U.S. markets close in 2 hours 55 minutes
  • S&P 500

    3,646.48
    -98.04 (-2.62%)
     
  • Dow 30

    29,339.58
    -587.36 (-1.96%)
     
  • Nasdaq

    10,676.87
    -396.44 (-3.58%)
     
  • Russell 2000

    1,704.33
    -48.18 (-2.75%)
     
  • Crude Oil

    92.31
    +3.86 (+4.36%)
     
  • Gold

    1,708.00
    -12.80 (-0.74%)
     
  • Silver

    20.23
    -0.43 (-2.11%)
     
  • EUR/USD

    0.9761
    -0.0034 (-0.35%)
     
  • 10-Yr Bond

    3.8650
    +0.0390 (+1.02%)
     
  • GBP/USD

    1.1089
    -0.0079 (-0.71%)
     
  • USD/JPY

    145.2970
    +0.2290 (+0.16%)
     
  • BTC-USD

    19,402.51
    -667.28 (-3.32%)
     
  • CMC Crypto 200

    442.69
    -12.34 (-2.71%)
     
  • FTSE 100

    6,991.09
    -6.18 (-0.09%)
     
  • Nikkei 225

    27,116.11
    -195.19 (-0.71%)
     

Read This Before Judging iPower Inc.'s (NASDAQ:IPW) ROE

·3 min read

Many investors are still learning about the various metrics that can be useful when analysing a stock. This article is for those who would like to learn about Return On Equity (ROE). By way of learning-by-doing, we'll look at ROE to gain a better understanding of iPower Inc. (NASDAQ:IPW).

Return on equity or ROE is an important factor to be considered by a shareholder because it tells them how effectively their capital is being reinvested. Simply put, it is used to assess the profitability of a company in relation to its equity capital.

Check out our latest analysis for iPower

How Is ROE Calculated?

The formula for ROE is:

Return on Equity = Net Profit (from continuing operations) ÷ Shareholders' Equity

So, based on the above formula, the ROE for iPower is:

2.8% = US$957k ÷ US$34m (Based on the trailing twelve months to March 2022).

The 'return' is the yearly profit. One way to conceptualize this is that for each $1 of shareholders' capital it has, the company made $0.03 in profit.

Does iPower Have A Good ROE?

One simple way to determine if a company has a good return on equity is to compare it to the average for its industry. Importantly, this is far from a perfect measure, because companies differ significantly within the same industry classification. As shown in the graphic below, iPower has a lower ROE than the average (18%) in the Online Retail industry classification.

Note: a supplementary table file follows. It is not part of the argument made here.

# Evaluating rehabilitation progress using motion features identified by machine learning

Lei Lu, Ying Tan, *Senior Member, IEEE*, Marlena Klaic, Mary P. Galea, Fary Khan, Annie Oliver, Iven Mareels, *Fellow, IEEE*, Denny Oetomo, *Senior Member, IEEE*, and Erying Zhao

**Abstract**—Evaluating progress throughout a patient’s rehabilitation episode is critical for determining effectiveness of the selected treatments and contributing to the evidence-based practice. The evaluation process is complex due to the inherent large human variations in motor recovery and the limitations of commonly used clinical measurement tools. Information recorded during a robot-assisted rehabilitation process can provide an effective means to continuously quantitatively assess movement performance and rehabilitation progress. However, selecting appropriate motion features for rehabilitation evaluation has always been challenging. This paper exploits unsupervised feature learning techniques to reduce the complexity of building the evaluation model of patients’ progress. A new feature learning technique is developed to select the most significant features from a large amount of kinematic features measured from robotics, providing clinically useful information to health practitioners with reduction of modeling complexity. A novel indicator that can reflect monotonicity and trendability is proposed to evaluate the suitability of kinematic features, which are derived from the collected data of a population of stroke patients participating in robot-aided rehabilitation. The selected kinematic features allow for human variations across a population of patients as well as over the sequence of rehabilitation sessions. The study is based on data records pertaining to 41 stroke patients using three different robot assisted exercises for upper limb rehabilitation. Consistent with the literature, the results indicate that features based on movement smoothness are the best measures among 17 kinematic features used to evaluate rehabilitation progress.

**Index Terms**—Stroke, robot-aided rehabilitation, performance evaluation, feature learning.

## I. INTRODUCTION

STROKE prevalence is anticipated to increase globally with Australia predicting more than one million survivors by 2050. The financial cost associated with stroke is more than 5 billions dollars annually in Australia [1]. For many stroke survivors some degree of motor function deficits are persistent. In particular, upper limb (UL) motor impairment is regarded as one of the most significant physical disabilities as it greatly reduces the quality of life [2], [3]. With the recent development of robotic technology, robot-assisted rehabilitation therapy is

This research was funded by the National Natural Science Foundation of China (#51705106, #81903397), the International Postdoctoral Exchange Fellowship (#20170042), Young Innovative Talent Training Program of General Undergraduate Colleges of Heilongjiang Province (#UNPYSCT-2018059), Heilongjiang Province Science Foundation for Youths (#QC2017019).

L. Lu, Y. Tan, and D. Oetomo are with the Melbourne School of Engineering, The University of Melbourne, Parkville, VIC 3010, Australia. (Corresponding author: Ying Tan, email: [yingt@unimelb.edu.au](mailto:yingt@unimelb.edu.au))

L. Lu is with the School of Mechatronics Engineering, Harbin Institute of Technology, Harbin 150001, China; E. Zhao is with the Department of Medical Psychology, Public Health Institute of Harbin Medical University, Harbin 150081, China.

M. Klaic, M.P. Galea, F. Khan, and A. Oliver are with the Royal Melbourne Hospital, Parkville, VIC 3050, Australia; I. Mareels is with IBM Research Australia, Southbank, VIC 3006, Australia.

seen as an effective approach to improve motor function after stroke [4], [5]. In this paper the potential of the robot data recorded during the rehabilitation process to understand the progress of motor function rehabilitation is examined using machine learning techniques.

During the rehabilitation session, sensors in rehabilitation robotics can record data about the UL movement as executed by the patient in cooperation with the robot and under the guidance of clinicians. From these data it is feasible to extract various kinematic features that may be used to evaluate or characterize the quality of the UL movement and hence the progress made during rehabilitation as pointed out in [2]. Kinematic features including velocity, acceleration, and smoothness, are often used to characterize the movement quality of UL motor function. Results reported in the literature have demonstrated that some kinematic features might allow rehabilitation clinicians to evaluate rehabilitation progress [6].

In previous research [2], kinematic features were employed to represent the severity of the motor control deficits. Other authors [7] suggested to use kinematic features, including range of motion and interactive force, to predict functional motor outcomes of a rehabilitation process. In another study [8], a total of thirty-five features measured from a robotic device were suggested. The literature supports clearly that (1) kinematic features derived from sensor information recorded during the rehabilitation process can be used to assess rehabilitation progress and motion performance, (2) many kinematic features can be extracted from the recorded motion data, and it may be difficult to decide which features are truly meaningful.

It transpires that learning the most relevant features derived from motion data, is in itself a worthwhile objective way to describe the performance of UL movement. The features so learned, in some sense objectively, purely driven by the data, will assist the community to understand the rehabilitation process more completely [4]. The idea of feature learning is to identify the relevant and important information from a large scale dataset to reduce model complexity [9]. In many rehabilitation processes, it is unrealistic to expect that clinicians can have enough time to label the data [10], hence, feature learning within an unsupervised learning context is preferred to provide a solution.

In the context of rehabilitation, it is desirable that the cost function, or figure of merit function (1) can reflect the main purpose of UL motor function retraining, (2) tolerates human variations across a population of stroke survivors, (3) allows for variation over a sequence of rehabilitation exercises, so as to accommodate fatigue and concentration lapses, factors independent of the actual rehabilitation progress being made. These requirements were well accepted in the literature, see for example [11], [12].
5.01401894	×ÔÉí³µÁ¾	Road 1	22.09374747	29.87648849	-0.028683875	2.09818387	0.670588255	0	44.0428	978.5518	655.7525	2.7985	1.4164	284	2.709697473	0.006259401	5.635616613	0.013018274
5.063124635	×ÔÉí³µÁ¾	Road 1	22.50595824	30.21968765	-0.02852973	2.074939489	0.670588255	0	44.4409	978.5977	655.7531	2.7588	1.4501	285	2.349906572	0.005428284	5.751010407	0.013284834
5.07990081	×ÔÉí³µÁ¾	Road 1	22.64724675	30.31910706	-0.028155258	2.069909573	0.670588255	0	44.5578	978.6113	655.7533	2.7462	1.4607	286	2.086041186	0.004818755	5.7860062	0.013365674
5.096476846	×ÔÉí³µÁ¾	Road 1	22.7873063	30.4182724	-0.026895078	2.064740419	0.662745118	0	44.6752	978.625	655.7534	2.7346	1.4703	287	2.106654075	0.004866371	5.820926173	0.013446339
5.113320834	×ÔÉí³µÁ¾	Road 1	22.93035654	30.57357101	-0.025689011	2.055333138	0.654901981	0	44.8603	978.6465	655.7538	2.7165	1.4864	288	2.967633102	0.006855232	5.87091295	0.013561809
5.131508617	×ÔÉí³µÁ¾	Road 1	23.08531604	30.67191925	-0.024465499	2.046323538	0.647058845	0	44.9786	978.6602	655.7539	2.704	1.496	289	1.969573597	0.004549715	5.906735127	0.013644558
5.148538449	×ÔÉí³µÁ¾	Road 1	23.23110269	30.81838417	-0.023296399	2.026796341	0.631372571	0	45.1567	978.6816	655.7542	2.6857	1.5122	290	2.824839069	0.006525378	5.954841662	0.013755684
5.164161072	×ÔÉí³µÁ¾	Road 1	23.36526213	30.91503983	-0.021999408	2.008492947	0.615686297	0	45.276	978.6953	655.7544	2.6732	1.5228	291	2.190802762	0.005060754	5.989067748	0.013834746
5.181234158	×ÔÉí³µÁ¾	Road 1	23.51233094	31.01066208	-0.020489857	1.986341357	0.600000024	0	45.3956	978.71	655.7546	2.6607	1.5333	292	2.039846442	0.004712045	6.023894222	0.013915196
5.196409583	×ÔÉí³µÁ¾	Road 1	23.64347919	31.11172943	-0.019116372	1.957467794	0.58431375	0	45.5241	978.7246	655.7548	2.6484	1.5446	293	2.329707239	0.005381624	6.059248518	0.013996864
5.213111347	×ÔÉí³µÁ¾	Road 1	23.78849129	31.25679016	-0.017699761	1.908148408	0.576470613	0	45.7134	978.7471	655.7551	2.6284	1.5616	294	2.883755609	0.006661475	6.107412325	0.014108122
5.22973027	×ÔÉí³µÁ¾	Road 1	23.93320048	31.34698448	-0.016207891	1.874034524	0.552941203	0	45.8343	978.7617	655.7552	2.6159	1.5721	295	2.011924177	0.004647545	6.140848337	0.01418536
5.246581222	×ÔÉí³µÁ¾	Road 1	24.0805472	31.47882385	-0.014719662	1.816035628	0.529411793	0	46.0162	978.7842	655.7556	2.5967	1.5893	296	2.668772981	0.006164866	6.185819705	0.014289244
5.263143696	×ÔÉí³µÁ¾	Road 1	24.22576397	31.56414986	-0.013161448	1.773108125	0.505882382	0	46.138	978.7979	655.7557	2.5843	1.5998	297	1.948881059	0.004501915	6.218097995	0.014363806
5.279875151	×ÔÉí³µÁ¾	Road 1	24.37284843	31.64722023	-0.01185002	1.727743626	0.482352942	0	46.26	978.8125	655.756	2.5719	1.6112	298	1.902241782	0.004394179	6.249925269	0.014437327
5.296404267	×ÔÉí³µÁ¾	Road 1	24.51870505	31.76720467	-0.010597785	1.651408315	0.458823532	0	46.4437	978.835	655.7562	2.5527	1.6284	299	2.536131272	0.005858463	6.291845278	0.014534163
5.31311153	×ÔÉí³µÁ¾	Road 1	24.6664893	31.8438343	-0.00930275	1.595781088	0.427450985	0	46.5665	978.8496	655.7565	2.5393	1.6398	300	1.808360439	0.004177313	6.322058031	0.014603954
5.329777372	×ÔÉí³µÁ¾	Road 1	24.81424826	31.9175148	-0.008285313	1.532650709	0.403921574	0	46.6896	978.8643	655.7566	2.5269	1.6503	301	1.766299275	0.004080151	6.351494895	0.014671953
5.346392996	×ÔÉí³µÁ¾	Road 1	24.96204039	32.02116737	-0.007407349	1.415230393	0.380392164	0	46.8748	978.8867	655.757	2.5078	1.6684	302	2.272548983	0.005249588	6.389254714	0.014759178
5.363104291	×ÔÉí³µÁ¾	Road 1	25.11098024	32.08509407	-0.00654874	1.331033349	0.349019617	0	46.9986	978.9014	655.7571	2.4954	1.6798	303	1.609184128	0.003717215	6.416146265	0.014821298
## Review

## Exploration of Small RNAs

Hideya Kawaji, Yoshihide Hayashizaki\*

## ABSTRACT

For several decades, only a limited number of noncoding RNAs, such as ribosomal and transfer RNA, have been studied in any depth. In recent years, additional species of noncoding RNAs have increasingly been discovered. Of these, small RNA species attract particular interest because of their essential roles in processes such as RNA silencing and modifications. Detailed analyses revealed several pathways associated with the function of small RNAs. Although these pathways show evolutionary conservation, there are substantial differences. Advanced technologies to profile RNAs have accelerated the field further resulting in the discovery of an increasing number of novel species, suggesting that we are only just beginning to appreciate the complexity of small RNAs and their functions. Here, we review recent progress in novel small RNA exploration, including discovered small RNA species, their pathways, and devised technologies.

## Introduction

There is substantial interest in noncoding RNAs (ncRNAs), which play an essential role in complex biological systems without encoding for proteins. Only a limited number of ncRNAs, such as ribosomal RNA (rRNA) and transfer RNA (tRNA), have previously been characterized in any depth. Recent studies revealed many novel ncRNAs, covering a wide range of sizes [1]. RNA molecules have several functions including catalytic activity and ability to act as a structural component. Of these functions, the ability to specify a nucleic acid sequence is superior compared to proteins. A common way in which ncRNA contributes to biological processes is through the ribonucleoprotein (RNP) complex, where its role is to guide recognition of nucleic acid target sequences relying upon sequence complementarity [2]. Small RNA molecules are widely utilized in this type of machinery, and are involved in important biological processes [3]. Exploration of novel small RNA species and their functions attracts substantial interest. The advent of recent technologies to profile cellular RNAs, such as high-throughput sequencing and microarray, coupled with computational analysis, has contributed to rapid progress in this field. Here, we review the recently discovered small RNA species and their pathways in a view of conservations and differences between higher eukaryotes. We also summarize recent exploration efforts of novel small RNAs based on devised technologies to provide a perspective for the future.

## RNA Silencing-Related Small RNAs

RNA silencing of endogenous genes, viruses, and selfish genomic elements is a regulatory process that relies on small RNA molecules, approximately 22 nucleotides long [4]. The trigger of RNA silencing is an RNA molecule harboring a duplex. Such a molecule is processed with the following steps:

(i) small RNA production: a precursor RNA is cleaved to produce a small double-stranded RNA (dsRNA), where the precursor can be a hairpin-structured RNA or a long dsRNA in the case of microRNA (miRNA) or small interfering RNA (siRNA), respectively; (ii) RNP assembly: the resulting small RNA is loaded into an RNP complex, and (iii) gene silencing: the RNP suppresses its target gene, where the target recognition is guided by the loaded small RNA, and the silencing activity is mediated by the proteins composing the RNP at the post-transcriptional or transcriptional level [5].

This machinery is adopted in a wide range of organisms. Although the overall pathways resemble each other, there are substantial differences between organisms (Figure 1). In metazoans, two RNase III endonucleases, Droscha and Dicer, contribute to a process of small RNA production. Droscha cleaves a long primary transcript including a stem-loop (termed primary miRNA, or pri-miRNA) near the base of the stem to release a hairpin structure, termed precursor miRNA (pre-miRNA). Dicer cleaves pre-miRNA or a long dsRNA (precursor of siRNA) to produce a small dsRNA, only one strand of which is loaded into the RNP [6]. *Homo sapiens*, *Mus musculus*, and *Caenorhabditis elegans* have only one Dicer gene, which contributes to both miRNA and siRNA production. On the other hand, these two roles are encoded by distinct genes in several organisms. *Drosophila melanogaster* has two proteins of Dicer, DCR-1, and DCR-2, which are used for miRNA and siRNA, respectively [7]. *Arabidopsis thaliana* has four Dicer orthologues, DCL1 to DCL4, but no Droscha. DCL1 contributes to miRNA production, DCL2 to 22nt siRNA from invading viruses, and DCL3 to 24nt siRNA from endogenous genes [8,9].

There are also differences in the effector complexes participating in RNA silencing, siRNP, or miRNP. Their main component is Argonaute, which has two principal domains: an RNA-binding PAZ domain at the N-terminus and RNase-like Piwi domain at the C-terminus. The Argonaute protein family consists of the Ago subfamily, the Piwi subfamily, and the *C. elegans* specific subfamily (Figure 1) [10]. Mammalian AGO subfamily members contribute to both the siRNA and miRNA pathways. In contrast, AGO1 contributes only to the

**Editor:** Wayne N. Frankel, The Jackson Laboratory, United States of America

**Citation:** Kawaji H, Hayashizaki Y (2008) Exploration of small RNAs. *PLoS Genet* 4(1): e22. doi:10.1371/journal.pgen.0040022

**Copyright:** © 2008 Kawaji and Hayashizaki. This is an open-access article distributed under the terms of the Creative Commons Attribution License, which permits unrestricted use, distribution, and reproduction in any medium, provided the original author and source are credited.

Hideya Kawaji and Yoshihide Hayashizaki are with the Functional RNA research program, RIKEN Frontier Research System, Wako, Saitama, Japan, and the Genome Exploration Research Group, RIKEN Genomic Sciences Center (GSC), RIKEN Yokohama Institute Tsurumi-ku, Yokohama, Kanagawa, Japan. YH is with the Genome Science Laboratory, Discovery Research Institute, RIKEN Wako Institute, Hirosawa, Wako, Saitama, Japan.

roe
roe

That certainly isn't ideal. Although, we think that a lower ROE could still mean that a company has the opportunity to better its returns with the use of leverage, provided its existing debt levels are low. A high debt company having a low ROE is a different story altogether and a risky investment in our books. You can see the 5 risks we have identified for iPower by visiting our risks dashboard for free on our platform here.

The Importance Of Debt To Return On Equity

Most companies need money -- from somewhere -- to grow their profits. That cash can come from retained earnings, issuing new shares (equity), or debt. In the first and second cases, the ROE will reflect this use of cash for investment in the business. In the latter case, the debt used for growth will improve returns, but won't affect the total equity. That will make the ROE look better than if no debt was used.

iPower's Debt And Its 2.8% ROE

iPower has a debt to equity ratio of 0.45, which is far from excessive. Its ROE is rather low, and it does use some debt, albeit not much. That's not great to see. Conservative use of debt to boost returns is usually a good move for shareholders, though it does leave the company more exposed to interest rate rises.

Summary

Return on equity is useful for comparing the quality of different businesses. Companies that can achieve high returns on equity without too much debt are generally of good quality. If two companies have around the same level of debt to equity, and one has a higher ROE, I'd generally prefer the one with higher ROE.

But when a business is high quality, the market often bids it up to a price that reflects this. Profit growth rates, versus the expectations reflected in the price of the stock, are a particularly important to consider. So I think it may be worth checking this free report on analyst forecasts for the company.

If you would prefer check out another company -- one with potentially superior financials -- then do not miss this free list of interesting companies, that have HIGH return on equity and low debt.

Have feedback on this article? Concerned about the content? Get in touch with us directly. Alternatively, email editorial-team (at) simplywallst.com.

This article by Simply Wall St is general in nature. We provide commentary based on historical data and analyst forecasts only using an unbiased methodology and our articles are not intended to be financial advice. It does not constitute a recommendation to buy or sell any stock, and does not take account of your objectives, or your financial situation. We aim to bring you long-term focused analysis driven by fundamental data. Note that our analysis may not factor in the latest price-sensitive company announcements or qualitative material. Simply Wall St has no position in any stocks mentioned.